Pozsony crescents – Pozsonyi kifli

by | Feb 19, 2016 | Breads, buns & biscuits

Pozsony is the Hungarian name for Bratislava, the capital of Slovakia, the hometown of these amazing crescents. Pozsony crescents can be considered as the small version of beigli, which are known under different names: their Slovak name is Bratislavský rožok, Pressburger Kipfel in German, and in Hungary they’re called pozsonyi kifli. The story of Pozsony crescents dates back to the 17th century, when the expression Gipfel (kifli) was born in Austria.

After the defeat of the Ottomans who unsuccessfully tried to occupy Vienna in 1683, an Austrian baker called  Wendler decided to celebrate the victory by giving people the Turkish half-moon (symbol of their flag) to eat as a compensation for the starving during the siege. So he launched a crescent shaped cookie, which he gave the name of Gipfel to.

Later, during the era of the Austro-Hungarian Empire a lot of Austrian and German bakers went to Pozsony, who brought along the recipe of beigli. Bakers kept the basic recipe, they just reduced the size of the rolls and formed crescents, which were perfect gifts for children. One of the bakers coming to Bratislava was a descendant of Wendler, and he gave the name Kipfel to the pastry. At the turn of the 19th and 20th century, it was Gustáv Wendler, one of the famous bakers of Pozsony, who made the best Pozsonyi kifli, and even sent his pastry by post to Vienna, Budapest and Paris.

Pozsony crescents / Pozsonyi kifli
Pozsonyi kifli – Pozsony crescents – photo: zserbo.com

In order to be able to distinguish the walnut and poppy seed fillings, bakers came up with the idea to form the pastries in different shapes. Crescents with poppy seed fillings are horseshoe shaped, while walnut filled pastries are always bent into the shape of letter C.

For the dough:

  • 25 g (~3/4 oz) fresh yeast (~2 1/2 tsp dry yeast)
  • 50 ml (~3 1/2 tbsp) milk
  • 500 g (~4 cups) flour
  • pinch of salt
  • 2 tbsp sugar
  • 100 g (~3 1/2 oz) lard or goose fat
  • 1 egg
  • 4 tbsp sour cream

For the walnut filling:

  • 250 g (~8 3/4 oz) ground walnuts
  • 50 ml (~3 1/2 tbsp) milk
  • 1/2 tsp ground cinnamon
  • zest of a half lemon
  • 100 g (~1/2 cup) sugar

For the poppy seed filling:

  • 200 g (~ 7 oz) ground poppy seeds
  • 50 ml (~3 1/2 tbsp) milk
  • 100 g (~1/2 cup) sugar

For the egg wash:

  • 2 eggs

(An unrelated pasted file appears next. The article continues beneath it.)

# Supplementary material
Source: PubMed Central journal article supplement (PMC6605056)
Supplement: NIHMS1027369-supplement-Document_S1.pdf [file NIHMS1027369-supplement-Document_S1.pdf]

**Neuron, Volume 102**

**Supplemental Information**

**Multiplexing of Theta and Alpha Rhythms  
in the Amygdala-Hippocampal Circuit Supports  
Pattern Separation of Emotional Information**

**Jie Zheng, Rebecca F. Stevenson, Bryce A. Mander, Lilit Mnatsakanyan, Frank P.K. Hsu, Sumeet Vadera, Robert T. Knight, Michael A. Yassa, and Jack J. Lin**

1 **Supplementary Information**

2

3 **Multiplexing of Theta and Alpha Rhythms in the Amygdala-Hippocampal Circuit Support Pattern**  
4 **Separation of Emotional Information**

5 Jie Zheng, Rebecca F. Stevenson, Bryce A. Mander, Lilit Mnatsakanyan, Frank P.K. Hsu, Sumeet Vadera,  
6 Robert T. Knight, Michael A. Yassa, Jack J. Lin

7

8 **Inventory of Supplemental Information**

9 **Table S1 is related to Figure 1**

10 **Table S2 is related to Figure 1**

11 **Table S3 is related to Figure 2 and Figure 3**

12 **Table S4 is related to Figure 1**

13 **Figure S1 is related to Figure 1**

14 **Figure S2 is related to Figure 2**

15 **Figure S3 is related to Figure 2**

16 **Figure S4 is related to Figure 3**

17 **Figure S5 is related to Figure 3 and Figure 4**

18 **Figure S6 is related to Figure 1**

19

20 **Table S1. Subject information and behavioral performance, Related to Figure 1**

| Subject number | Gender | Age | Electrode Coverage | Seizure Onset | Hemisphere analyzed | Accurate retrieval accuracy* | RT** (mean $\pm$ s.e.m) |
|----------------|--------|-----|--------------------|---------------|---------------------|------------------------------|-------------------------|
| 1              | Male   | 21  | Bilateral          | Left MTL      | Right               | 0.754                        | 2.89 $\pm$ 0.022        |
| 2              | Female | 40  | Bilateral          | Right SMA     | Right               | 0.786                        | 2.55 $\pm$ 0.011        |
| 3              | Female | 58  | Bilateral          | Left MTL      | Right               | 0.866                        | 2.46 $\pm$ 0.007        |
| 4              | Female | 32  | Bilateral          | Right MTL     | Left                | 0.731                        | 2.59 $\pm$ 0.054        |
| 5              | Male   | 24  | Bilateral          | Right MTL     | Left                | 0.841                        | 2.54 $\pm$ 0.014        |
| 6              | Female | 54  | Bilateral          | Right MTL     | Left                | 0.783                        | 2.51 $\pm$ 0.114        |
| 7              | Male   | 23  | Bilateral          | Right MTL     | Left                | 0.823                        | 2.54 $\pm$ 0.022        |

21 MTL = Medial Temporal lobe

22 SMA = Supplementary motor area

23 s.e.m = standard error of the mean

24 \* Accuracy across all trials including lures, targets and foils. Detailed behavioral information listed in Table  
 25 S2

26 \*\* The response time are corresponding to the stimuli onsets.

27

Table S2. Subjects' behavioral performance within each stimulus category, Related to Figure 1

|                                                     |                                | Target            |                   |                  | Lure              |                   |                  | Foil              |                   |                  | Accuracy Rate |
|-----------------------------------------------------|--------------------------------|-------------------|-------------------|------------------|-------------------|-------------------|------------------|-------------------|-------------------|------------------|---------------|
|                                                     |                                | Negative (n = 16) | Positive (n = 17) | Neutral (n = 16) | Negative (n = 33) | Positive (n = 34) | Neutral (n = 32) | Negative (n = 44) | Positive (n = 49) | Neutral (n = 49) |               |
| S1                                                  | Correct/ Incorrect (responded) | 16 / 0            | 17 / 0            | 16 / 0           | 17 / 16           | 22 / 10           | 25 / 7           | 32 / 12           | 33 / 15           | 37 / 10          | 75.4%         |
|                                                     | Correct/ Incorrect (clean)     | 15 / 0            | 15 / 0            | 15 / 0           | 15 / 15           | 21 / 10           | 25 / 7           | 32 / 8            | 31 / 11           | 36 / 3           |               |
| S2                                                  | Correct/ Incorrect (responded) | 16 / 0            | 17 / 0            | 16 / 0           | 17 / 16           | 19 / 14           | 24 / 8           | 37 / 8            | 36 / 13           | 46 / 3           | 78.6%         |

Dissolve yeast with a teaspoon of sugar in lukewarm milk. Rub lard into the flour. Add activated yeast, egg, salt, sugar and sour cream, and knead the dough until just smooth. Cover with a clean kitchen towel and let it rest for 50 minutes or until it triples in size.

Meanwhile prepare the fillings. Add cinnamon and lemon zest to the milk, bring it to a boil. Add ground walnuts and sugar, and , while stirring constantly, cook for a minute until thick. Repeat the process with the ground poppy seeds, too. Let the fillings cool completely.

Pozsony crescents
photo: zserbo.com

Turn out the dough onto a floured surface. Divide it into two equal parts, and form 16-16 balls. Flatten the dough balls, slightly stretching the two ends, and roll them into ovals. Divide the fillings into 16-16  portions and place them on the edge of each ovals. Roll them up tight and pinch the ends. Roll them again with your hand to stretch and make them even. Form the poppy seed pastries into crescents, while walnut rolls have to bent into the shape of letter C.

Pozsonyi kifli
photo: zserbo.com

Place the crescents, seam side down, on baking sheets lined with parchment paper, and brush tops with beaten egg. Let them rest for 20 minutes, brush tops with the egg wash again, and leave them to rest for further 20 minutes. Preheat the oven to 200°C / 392°F, and bake the crescents for 15 minutes or until golden brown.

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  1. Beautiful sweet treats! I have never had them, but I’m sure I’d love (especially the poppy seed version!). Thank you for sharing the history of kifli. (And thank you for visiting my blog!)

    • Thank you, Sissi.

Hungarian cottage cheese

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You often ask me what kind of cottage cheese (or curd cheese or farmer's cheese - call it what you want) I use in the recipes. In Hungary the store-bought cottage cheese is dry and crumbly as you can see in the picture. So if a recipe calls for túró, I mean this type. If you can't obtain túró, you can try to make your own from whole milk. Click on the link below.

Metric system vs cup

In Hungary metric units are in use, all the recipes on this website are based on this system, so a kitchen scale is necessary. Since I’m not familiar with cup as a measurement unit, I convert grams to cups by using an online converter. The values in brackets, therefore, are only approximate volumes, so, please, double-check them before you start cooking.

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